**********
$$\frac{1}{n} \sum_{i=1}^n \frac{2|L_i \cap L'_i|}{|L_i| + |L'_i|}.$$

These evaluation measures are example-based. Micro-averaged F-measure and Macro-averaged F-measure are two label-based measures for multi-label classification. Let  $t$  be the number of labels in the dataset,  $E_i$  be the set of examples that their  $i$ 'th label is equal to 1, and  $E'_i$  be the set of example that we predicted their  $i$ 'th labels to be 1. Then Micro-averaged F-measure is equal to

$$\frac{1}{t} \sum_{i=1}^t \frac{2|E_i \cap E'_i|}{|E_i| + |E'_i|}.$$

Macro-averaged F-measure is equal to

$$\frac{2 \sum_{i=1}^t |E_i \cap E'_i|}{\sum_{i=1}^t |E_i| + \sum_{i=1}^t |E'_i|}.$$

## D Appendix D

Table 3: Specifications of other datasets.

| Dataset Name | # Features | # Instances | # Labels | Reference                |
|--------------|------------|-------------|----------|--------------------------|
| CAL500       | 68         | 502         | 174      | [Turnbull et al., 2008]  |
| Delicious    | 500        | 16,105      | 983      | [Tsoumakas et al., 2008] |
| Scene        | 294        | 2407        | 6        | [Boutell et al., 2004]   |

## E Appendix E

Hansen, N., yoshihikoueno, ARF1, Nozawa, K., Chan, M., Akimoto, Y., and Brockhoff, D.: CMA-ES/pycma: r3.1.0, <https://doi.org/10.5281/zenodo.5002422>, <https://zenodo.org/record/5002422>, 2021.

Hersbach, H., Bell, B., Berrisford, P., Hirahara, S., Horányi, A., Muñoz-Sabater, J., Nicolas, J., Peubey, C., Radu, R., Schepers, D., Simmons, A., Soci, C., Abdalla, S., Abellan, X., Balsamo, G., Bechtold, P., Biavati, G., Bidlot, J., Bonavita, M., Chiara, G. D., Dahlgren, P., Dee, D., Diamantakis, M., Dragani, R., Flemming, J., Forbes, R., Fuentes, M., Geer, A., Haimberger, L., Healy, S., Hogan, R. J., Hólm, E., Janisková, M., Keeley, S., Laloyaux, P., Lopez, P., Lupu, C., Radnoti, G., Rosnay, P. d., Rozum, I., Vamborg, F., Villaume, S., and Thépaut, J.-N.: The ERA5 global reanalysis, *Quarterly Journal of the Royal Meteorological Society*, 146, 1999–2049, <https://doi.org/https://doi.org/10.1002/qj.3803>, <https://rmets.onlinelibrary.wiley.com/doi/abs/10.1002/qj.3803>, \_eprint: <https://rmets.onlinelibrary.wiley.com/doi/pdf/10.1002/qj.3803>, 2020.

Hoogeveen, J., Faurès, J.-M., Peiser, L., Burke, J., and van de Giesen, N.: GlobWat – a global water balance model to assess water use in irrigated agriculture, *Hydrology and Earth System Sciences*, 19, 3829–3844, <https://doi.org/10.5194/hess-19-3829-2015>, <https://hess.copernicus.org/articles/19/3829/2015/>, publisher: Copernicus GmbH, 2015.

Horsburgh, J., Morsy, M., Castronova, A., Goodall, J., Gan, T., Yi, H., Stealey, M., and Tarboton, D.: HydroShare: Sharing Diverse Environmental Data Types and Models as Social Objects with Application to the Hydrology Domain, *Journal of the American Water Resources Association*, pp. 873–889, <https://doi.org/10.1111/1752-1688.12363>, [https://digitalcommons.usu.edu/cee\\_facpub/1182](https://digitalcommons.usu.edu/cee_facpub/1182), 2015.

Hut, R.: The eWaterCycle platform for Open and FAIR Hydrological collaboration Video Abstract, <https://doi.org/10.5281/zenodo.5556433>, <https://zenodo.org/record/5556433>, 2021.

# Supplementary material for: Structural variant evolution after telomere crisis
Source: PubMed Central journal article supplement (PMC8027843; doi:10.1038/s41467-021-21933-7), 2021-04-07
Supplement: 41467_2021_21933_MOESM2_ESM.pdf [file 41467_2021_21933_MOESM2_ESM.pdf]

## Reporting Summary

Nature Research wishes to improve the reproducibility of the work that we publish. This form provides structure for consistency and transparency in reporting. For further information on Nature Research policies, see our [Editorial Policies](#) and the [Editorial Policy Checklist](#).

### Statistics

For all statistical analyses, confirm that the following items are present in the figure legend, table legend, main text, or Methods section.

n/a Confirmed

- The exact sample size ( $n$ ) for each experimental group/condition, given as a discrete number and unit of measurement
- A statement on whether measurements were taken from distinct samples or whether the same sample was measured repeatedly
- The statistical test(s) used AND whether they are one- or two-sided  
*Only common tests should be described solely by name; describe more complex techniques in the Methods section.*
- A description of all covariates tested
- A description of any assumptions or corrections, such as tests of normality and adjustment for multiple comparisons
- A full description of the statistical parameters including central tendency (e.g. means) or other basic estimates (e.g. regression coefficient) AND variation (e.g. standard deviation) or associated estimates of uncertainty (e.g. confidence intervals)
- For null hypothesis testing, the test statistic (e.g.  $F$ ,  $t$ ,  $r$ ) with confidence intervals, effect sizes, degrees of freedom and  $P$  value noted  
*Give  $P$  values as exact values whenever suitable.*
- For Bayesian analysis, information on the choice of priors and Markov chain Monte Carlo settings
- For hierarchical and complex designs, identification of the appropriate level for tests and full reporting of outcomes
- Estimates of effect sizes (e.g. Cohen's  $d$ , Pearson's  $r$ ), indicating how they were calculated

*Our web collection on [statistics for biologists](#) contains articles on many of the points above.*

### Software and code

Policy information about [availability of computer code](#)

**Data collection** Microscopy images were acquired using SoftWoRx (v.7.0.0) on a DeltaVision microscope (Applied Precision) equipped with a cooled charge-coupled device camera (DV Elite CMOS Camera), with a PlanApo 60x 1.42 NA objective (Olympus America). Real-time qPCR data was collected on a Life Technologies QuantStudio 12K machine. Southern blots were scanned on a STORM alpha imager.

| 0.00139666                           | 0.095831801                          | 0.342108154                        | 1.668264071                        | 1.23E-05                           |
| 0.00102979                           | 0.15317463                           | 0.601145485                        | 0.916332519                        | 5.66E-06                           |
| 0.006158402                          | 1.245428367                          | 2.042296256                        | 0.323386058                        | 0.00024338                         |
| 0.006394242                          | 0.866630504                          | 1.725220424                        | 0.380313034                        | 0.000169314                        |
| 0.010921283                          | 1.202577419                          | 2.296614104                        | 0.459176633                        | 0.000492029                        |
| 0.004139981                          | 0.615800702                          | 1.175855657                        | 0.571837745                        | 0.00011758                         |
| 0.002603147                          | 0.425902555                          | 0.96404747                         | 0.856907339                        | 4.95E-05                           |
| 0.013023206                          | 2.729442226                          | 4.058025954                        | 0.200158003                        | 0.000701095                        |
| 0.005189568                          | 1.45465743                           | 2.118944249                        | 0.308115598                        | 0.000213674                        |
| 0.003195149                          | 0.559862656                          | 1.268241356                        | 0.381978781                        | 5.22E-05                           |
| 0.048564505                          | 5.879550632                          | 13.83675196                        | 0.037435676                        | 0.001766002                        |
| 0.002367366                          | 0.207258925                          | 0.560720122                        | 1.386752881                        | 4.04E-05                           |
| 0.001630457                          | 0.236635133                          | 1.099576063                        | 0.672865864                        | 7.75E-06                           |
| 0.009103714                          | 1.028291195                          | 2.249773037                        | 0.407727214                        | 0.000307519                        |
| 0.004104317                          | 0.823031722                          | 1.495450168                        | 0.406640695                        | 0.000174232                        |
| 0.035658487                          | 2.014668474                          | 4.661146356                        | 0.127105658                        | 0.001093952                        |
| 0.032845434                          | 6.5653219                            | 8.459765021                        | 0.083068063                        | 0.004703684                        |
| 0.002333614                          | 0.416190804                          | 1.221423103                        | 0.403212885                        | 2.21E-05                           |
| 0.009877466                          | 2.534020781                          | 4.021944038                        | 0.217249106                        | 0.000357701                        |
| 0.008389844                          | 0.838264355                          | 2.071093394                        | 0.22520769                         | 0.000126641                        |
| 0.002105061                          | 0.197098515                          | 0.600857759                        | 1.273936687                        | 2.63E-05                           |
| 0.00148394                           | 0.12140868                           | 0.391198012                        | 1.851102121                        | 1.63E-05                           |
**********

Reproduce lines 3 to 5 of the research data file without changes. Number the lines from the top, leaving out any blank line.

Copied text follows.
$$\frac{1}{t} \sum_{i=1}^t \frac{2|E_i \cap E'_i|}{|E_i| + |E'_i|}.$$

Macro-averaged F-measure is equal to

$$\frac{2 \sum_{i=1}^t |E_i \cap E'_i|}{\sum_{i=1}^t |E_i| + \sum_{i=1}^t |E'_i|}.$$